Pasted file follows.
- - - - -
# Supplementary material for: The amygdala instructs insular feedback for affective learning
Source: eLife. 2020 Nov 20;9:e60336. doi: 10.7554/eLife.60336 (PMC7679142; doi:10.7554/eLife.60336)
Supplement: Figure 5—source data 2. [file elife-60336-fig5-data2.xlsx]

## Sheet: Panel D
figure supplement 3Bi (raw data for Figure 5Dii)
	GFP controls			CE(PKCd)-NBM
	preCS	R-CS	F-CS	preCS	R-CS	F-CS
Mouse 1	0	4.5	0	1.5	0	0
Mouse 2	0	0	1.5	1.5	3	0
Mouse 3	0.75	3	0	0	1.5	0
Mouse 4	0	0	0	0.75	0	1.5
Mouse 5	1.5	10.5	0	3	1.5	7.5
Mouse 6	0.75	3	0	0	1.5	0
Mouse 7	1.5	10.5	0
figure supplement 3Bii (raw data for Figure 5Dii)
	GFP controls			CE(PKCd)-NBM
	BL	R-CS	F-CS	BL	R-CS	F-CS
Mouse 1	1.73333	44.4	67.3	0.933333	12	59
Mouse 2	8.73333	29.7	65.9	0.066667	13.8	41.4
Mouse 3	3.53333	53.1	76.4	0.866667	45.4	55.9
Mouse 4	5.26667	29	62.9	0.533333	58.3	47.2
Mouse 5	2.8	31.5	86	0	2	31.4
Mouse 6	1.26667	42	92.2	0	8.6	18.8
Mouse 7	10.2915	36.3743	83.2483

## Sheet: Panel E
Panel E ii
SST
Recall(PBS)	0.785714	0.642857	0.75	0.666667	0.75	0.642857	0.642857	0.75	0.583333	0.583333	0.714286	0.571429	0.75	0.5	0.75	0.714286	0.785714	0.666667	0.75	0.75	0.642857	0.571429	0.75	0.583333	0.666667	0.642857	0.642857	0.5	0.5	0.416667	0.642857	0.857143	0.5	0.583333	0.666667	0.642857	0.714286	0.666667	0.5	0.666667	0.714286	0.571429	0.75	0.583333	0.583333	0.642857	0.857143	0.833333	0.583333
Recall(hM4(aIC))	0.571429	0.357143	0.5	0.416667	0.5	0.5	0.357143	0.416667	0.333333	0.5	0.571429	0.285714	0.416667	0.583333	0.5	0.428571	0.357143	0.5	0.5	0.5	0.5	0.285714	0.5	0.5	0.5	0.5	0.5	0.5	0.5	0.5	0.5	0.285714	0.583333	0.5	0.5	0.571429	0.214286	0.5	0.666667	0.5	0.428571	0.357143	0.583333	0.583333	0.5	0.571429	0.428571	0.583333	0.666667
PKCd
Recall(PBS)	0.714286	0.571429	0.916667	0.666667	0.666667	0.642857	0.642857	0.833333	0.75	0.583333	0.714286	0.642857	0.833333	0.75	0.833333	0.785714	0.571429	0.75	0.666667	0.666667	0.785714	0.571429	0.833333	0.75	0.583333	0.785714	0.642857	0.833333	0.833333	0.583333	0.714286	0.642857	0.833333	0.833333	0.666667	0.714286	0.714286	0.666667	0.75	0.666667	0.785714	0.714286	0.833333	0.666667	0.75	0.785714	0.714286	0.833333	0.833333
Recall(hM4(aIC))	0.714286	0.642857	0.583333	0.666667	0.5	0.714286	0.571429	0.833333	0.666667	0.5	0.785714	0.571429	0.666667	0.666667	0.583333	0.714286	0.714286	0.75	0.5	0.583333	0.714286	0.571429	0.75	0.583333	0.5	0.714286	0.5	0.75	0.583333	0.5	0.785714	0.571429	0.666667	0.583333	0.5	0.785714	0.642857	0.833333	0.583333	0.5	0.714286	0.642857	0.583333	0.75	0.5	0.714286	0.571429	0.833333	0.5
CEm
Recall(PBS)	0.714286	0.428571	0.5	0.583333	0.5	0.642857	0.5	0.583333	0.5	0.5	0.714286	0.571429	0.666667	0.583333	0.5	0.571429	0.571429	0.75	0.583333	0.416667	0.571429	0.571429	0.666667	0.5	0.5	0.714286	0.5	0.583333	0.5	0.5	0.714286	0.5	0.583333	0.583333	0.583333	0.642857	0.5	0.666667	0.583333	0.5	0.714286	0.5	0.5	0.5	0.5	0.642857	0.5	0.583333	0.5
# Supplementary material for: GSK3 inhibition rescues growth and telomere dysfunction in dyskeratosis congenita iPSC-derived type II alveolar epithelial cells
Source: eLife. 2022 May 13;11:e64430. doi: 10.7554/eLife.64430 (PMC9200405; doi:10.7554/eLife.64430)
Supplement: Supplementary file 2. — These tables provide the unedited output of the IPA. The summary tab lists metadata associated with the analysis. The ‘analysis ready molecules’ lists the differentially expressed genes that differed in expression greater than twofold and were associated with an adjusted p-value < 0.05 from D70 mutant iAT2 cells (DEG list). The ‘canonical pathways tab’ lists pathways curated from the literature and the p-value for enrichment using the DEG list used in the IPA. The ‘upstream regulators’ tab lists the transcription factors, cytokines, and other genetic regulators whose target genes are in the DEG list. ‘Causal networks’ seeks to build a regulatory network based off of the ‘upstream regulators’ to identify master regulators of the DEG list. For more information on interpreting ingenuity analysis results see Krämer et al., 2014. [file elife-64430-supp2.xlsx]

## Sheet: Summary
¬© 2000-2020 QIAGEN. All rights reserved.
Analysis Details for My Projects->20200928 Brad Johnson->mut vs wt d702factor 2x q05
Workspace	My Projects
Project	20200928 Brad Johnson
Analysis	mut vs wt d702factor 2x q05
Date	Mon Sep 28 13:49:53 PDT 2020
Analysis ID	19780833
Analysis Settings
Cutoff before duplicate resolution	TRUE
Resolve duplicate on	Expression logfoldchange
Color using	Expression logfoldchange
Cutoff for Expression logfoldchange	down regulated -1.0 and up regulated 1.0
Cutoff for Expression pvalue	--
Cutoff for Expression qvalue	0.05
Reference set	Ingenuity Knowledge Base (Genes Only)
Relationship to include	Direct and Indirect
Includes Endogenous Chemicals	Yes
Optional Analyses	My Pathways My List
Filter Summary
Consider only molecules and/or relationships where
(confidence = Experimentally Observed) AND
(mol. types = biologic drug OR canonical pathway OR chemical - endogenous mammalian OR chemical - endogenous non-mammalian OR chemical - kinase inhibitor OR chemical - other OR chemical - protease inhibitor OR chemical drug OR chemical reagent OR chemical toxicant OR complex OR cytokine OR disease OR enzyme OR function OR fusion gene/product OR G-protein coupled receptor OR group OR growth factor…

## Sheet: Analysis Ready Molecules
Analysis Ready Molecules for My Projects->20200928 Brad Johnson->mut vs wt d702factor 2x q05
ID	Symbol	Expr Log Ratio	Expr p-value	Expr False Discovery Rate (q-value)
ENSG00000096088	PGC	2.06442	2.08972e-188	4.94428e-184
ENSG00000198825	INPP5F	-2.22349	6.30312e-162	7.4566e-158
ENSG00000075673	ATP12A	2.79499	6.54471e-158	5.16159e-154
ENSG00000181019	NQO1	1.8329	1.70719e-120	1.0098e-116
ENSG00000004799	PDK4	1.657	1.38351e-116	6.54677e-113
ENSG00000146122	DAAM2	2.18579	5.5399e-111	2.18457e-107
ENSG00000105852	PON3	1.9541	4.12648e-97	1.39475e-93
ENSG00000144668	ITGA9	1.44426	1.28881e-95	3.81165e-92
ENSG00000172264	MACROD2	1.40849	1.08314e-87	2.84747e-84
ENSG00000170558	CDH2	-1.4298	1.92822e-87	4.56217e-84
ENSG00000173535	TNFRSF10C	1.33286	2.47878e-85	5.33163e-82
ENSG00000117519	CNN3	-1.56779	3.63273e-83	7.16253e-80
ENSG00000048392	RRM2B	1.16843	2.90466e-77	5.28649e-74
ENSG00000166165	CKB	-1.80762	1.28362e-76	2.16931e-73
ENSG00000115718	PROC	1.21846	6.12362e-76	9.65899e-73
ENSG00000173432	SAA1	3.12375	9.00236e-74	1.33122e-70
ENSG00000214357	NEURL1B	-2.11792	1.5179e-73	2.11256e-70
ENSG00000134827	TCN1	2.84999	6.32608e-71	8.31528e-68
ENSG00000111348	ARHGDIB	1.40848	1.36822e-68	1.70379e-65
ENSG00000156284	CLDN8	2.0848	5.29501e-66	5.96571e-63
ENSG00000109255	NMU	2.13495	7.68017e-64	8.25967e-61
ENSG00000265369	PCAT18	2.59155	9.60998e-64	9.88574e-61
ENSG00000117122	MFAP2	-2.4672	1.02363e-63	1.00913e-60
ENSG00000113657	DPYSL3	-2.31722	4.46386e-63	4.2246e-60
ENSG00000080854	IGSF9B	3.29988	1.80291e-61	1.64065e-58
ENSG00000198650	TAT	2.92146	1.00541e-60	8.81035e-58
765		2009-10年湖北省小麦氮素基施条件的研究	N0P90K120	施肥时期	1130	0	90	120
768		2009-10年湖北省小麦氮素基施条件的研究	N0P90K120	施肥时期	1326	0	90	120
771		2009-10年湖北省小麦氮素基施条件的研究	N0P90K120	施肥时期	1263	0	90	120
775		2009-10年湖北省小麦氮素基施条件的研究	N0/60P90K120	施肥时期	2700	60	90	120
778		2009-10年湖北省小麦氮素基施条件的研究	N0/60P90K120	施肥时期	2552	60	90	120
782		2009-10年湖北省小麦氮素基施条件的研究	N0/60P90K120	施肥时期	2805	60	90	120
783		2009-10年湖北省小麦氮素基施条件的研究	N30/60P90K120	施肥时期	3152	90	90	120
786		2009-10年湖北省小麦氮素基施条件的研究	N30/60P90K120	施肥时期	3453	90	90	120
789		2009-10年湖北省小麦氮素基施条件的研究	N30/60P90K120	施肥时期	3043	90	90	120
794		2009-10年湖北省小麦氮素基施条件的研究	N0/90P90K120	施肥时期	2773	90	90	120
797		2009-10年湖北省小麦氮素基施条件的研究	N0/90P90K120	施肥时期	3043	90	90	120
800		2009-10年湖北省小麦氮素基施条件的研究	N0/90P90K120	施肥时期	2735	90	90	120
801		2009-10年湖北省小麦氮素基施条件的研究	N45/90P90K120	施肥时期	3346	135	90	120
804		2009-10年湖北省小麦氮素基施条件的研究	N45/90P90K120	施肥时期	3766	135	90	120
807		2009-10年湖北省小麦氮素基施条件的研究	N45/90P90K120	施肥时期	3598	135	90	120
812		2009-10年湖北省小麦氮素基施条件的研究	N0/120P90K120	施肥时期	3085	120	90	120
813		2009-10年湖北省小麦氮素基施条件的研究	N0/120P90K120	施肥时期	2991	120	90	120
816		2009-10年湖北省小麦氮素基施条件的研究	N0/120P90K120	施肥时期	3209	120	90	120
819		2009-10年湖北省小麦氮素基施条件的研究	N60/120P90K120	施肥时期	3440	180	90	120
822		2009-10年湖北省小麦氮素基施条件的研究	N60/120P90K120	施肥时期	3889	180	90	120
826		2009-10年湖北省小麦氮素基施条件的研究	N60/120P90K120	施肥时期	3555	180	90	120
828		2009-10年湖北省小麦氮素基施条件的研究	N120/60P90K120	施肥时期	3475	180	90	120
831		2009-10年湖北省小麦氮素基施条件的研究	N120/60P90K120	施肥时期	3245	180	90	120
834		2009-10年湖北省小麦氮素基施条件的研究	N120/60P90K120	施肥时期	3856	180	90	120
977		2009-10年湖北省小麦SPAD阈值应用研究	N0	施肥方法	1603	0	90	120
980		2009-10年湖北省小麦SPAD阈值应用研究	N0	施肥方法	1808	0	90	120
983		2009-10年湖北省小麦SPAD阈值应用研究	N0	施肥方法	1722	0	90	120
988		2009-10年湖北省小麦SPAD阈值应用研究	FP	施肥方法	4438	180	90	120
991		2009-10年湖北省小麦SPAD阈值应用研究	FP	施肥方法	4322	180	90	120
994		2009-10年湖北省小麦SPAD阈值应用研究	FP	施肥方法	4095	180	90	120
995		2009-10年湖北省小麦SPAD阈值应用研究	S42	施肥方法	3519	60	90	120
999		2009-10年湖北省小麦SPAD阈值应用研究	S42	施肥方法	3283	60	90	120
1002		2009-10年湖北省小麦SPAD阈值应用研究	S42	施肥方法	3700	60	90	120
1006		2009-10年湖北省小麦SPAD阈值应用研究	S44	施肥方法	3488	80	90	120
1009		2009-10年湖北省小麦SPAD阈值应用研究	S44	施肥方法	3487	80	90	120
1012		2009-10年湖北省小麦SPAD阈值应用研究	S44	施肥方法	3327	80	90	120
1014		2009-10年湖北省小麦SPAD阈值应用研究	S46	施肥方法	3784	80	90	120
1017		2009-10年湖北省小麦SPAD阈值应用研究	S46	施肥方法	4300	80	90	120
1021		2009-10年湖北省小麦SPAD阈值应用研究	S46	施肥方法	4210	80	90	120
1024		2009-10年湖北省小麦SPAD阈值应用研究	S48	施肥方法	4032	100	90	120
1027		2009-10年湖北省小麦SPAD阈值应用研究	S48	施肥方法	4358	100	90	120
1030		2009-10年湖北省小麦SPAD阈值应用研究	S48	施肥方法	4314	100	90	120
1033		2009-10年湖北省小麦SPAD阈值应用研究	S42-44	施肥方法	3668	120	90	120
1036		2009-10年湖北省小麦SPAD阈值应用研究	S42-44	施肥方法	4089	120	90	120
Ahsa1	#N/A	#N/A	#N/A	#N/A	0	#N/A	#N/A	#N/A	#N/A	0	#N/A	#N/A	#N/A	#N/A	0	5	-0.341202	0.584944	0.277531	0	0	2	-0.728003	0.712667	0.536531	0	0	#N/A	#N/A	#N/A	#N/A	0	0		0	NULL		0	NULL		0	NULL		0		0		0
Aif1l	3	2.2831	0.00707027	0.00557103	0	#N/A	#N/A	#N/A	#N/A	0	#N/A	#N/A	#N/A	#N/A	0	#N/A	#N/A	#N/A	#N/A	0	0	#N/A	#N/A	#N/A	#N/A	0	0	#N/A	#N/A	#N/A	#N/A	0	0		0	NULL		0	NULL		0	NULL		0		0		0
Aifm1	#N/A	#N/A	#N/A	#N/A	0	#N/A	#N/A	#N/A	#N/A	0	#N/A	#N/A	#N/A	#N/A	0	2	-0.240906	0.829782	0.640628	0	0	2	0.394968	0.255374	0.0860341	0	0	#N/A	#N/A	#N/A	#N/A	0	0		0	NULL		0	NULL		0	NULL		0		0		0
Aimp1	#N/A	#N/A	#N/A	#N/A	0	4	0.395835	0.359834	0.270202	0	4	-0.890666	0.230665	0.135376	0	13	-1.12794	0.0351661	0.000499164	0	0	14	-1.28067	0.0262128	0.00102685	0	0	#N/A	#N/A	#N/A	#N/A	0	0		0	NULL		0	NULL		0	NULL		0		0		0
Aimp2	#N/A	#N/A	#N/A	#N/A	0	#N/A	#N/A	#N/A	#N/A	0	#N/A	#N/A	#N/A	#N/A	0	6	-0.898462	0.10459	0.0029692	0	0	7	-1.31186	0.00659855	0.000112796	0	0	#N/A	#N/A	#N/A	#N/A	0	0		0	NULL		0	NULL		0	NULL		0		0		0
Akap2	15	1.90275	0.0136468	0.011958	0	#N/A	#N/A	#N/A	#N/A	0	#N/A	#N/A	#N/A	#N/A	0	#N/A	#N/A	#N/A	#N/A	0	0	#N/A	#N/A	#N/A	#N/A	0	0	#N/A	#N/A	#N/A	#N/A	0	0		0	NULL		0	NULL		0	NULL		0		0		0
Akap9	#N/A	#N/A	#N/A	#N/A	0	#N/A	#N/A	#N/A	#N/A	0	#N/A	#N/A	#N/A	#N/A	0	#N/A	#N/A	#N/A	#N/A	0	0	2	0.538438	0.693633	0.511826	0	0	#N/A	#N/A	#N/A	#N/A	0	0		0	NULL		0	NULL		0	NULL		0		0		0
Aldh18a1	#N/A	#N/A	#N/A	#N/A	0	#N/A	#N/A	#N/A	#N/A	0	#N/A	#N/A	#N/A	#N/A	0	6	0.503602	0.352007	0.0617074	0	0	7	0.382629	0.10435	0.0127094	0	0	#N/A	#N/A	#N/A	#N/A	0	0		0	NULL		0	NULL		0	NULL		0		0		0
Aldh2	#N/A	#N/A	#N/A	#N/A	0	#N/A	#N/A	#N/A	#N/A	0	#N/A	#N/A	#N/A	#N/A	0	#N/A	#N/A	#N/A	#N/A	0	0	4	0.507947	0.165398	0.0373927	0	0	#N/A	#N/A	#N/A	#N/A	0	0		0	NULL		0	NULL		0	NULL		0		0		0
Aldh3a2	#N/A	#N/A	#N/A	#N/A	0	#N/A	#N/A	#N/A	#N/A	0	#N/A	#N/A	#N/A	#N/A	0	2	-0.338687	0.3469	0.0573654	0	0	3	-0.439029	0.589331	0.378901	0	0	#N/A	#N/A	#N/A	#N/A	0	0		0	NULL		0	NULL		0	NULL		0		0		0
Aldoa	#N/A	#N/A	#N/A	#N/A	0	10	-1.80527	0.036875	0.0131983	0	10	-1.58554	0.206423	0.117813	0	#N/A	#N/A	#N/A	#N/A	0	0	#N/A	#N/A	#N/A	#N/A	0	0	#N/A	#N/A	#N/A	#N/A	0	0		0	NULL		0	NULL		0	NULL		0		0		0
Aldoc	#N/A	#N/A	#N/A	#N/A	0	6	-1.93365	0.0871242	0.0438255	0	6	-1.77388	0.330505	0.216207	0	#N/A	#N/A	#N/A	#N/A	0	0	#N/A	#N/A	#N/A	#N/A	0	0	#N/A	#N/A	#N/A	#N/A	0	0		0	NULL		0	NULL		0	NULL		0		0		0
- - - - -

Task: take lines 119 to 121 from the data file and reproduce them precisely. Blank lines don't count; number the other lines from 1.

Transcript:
994		2009-10年湖北省小麦SPAD阈值应用研究	FP	施肥方法	4095	180	90	120
995		2009-10年湖北省小麦SPAD阈值应用研究	S42	施肥方法	3519	60	90	120
999		2009-10年湖北省小麦SPAD阈值应用研究	S42	施肥方法	3283	60	90	120